I used to do something similar on Twitter. I’d scroll and scroll mindlessly, not even really reading, just glancing at tweets, liking one every now and then or replying or retweeting. I’m not saying Twitter has no value, of course it does, but when I reflected on what I was doing, the time I spent doing it and how it made me feel, I realised that, for me, it’s a total waste of valuable time. I left Twitter two weeks ago and I haven’t missed it for a second.

That was the start of my most recent digital declutter.

If you’re thinking of having a go at controlling the tech in your life, here are a few tips (some I’ve come up with, some I’ve borrowed from other people) that you might find useful.

Digital declutter tips:

  • Don’t use your tech in the bedroom except, say, on Saturday mornings
  • Use an alarm clock instead of your mobile to wake you up (most of us look at our phones as soon as we’re awake and get sucked into checking emails, WhatsApp, the news…)
  • Don’t take your phone to the bathroom with you (we all do it!)
  • Check your email and social media accounts at a few pre-planned times each day and don’t look at them any other time
  • Remove links from your Bookmarks bar – it’s amazing how much less frequently you visit a website if you have to type the address in first
  • Don’t always answer the phone when you’re with other people, it’s like saying ‘the person calling me is more important than you are’
  • Never have your phone on the table during a meal (this one should be illegal!)
  • Use the ‘Repeat call’ feature on your mobile so if someone rings repeatedly they’ll get through even if your phone is on ‘Do not disturb’
  • Ditto with ‘Favourites’ so some people’s calls always come through even with your phone on silent
  • Make sure your nearest and dearest have your landline number
  • Turn your notifications off (it takes 23 minutes to get back to what you were doing after you’ve been disturbed!)
  • Don’t look at screens for two to three hours before you go to bed, the blue light plays havoc with your sleep patterns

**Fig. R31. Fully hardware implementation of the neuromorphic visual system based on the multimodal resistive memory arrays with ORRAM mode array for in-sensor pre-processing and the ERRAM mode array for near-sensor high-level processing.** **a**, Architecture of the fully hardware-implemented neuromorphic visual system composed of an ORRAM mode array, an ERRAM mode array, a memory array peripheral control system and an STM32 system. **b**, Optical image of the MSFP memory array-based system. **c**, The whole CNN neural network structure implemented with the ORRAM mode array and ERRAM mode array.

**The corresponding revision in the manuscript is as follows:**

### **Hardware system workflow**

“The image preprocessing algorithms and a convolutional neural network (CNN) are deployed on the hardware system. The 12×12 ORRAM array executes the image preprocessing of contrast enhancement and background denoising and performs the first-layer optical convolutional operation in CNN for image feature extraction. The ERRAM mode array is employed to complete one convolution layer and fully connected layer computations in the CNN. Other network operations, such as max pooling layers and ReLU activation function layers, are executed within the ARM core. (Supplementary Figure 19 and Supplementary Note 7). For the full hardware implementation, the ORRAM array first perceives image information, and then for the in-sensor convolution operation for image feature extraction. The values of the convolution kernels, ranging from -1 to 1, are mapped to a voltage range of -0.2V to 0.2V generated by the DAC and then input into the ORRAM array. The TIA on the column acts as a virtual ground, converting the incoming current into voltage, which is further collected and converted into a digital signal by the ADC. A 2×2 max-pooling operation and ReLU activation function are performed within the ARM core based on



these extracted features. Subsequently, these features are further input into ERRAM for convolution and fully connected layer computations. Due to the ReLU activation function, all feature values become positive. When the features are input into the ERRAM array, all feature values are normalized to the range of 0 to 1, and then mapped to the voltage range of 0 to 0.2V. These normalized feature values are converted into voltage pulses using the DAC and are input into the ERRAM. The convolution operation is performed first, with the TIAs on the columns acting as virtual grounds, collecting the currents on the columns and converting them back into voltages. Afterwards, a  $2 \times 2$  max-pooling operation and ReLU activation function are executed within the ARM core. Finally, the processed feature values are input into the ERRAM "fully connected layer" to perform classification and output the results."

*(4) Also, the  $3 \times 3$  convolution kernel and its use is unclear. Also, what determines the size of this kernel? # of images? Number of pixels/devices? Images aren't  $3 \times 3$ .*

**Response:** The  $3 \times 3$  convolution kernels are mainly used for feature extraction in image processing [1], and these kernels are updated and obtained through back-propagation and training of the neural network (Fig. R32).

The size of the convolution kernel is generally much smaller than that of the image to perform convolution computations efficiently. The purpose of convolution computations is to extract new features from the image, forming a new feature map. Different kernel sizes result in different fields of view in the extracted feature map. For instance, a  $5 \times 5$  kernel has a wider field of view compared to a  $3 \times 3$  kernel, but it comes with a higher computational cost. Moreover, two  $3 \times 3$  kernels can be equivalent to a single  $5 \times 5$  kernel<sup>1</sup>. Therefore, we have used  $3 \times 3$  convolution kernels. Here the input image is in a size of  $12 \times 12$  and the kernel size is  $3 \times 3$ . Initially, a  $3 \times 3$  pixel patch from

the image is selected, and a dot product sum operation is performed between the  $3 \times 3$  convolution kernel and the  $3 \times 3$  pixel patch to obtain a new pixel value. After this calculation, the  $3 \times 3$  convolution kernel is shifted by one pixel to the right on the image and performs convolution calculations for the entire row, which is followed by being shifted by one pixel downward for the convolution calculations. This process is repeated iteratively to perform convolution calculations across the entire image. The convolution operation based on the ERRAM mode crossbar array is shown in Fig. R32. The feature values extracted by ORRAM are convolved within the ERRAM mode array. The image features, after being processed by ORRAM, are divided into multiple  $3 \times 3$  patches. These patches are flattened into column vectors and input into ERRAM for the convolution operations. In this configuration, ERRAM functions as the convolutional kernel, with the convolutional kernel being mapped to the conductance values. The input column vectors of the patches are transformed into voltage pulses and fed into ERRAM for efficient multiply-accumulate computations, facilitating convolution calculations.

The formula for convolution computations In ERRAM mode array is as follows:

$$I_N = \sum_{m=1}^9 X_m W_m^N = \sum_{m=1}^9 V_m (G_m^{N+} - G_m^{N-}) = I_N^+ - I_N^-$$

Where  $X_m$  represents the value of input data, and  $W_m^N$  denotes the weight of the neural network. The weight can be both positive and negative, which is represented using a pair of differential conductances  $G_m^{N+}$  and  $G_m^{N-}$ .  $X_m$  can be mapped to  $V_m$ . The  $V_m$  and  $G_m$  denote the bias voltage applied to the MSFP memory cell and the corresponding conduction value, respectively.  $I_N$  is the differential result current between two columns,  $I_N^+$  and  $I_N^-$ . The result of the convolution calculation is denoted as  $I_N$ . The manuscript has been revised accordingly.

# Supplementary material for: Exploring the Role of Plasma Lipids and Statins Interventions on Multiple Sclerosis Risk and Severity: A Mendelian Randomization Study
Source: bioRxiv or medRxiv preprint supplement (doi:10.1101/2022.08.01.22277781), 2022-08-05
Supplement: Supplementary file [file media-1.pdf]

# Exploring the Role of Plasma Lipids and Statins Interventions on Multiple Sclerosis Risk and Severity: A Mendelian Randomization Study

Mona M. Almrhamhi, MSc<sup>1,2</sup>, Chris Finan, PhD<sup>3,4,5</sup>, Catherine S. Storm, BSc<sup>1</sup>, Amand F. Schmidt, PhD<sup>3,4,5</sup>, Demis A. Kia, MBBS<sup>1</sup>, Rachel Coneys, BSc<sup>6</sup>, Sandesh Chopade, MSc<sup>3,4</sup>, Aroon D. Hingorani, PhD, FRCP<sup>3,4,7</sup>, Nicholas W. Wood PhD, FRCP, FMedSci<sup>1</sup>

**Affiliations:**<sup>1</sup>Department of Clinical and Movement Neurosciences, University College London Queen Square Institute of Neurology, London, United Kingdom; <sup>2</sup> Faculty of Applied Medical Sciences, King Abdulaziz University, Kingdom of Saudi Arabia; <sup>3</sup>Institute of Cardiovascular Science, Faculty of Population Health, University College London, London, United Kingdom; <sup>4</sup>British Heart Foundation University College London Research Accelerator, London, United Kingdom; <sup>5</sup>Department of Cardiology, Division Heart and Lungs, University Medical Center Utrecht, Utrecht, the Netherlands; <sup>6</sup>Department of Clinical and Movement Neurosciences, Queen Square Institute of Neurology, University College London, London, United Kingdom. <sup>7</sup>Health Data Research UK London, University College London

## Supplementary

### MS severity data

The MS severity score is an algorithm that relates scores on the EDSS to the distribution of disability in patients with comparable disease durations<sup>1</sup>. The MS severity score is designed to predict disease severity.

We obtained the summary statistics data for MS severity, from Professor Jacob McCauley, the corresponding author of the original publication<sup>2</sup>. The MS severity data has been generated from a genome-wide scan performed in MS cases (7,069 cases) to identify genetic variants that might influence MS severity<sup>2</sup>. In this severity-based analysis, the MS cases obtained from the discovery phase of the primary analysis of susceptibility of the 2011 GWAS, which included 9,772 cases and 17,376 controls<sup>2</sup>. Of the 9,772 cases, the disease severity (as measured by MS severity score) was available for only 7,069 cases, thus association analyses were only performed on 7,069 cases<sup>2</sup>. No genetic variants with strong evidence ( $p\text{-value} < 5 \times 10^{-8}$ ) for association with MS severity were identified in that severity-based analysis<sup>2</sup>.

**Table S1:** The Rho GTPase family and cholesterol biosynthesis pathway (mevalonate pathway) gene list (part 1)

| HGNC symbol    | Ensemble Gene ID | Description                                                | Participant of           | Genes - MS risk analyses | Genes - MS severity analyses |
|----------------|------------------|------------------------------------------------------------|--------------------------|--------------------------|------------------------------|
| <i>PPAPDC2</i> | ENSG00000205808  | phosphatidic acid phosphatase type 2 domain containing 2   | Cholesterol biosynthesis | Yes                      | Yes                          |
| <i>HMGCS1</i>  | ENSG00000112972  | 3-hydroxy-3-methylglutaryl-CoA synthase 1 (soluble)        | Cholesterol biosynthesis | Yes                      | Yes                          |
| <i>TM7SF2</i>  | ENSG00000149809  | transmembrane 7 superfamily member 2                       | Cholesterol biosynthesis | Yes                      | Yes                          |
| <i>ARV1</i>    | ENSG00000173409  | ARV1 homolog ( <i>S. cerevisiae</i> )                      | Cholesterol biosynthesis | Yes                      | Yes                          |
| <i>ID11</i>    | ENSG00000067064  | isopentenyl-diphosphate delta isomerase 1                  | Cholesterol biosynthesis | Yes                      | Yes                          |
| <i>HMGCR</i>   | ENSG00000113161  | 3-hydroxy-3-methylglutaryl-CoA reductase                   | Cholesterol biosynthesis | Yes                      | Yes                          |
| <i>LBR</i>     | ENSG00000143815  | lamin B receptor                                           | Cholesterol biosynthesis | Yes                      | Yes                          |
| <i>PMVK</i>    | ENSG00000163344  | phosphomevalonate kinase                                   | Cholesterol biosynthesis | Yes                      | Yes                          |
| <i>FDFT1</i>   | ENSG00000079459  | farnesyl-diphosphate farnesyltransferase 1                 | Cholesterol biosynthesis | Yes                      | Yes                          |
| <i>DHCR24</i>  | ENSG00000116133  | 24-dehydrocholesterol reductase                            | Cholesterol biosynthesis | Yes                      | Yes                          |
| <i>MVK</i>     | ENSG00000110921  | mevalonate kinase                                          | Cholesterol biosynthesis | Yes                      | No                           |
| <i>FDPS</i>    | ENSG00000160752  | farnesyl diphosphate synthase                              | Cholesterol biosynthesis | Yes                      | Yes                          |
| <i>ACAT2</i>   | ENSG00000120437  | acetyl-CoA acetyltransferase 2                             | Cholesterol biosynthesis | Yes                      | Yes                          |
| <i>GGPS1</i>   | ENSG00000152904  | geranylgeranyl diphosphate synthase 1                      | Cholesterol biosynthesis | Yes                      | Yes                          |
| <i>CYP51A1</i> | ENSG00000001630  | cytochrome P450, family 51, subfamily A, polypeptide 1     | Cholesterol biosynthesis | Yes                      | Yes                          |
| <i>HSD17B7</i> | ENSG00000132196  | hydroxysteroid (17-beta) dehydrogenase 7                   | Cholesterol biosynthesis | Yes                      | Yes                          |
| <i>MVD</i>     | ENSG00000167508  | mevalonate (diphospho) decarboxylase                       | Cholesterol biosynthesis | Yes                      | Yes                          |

• Use the f.lux app if you have to be on your computer/tablet before bedtime
  • Pick up your phone or your tablet when you need to use them, don’t pick them up every time your hands are empty
  • Listen to what Passenger have to say about it and get out into the great outdoors…
We should run through the forests, we should swim in the streams,
We should laugh, we should cry, we should love, we should dream,
We should stare at the stars and not just at screens,
You should hear what I’m saying and know what it means…
… We want something more not just nasty and bitter,
We want something real not just hashtags and Twitter,
It’s the meaning of life and it’s streamed live on YouTube,
But I bet Gangnam Style will still get more views,
And we’re scared of drowning, flying and shooters,
But we’re all slowly dying in front of f’ing computers
– ‘Scare Away the Dark’ by Passenger

Technology, going digital, social media, it’s all incredible. It makes life easier, it enables new relationships and opportunities, it makes things we wouldn’t have dreamt of being able to do years ago possible, and it provides me with a livelihood and job I love so I’d be the last person to knock it.

But for me, technology should be a step forward, a better way of doing things, an improvement on the status quo, not just another distraction from what’s going on in front of me. And it should always be a tool: we control it, it doesn’t control us.

I’d love to know what you think, especially if you’re a phone addict. Do you enjoy it or does it rule your life? Has your addiction caused you any problems?

Sally

P.S. Here’s a link to that song by Passenger. Go on, it’s worth a watch… ‘Sing it out now!’

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4 thoughts on “Is it Time for a Digital Declutter?

  1. Well done on your digital declutter, Sally. Will check out the Passenger song 🎶

    The phone-checking figures are horrifying but don’t surprise me. I was at a conference in summer 2016 when the speaker from Twitter said that the average person unlocks their phone 110 times per day. It can only have increased since then.

  2. Thanks, John. Our chat on LI the other day was my inspiration for writing this post. I was quite excited and thought I’d invented the term ‘digital declutter’ but sadly it already existed!

    It’s amazing, isn’t it. Once you realise how much you check it and how much is unconscious you can figure out whether you want to change what you do or whether you’re fine with it. Realising that the first thing I do on waking is check my phone suddenly struck me as a bit tragic.

  3. As a self-confessed connectivity-addict this blog’s very interesting Sally. I wonder where our tech addiction will end…youngsters going out for dinner together but all sat in isolated booths messaging each other on a touch-screen mounted in their table?

  4. No need to leave your house for that! Won’t we be eating food pills by then though… what happened to them?!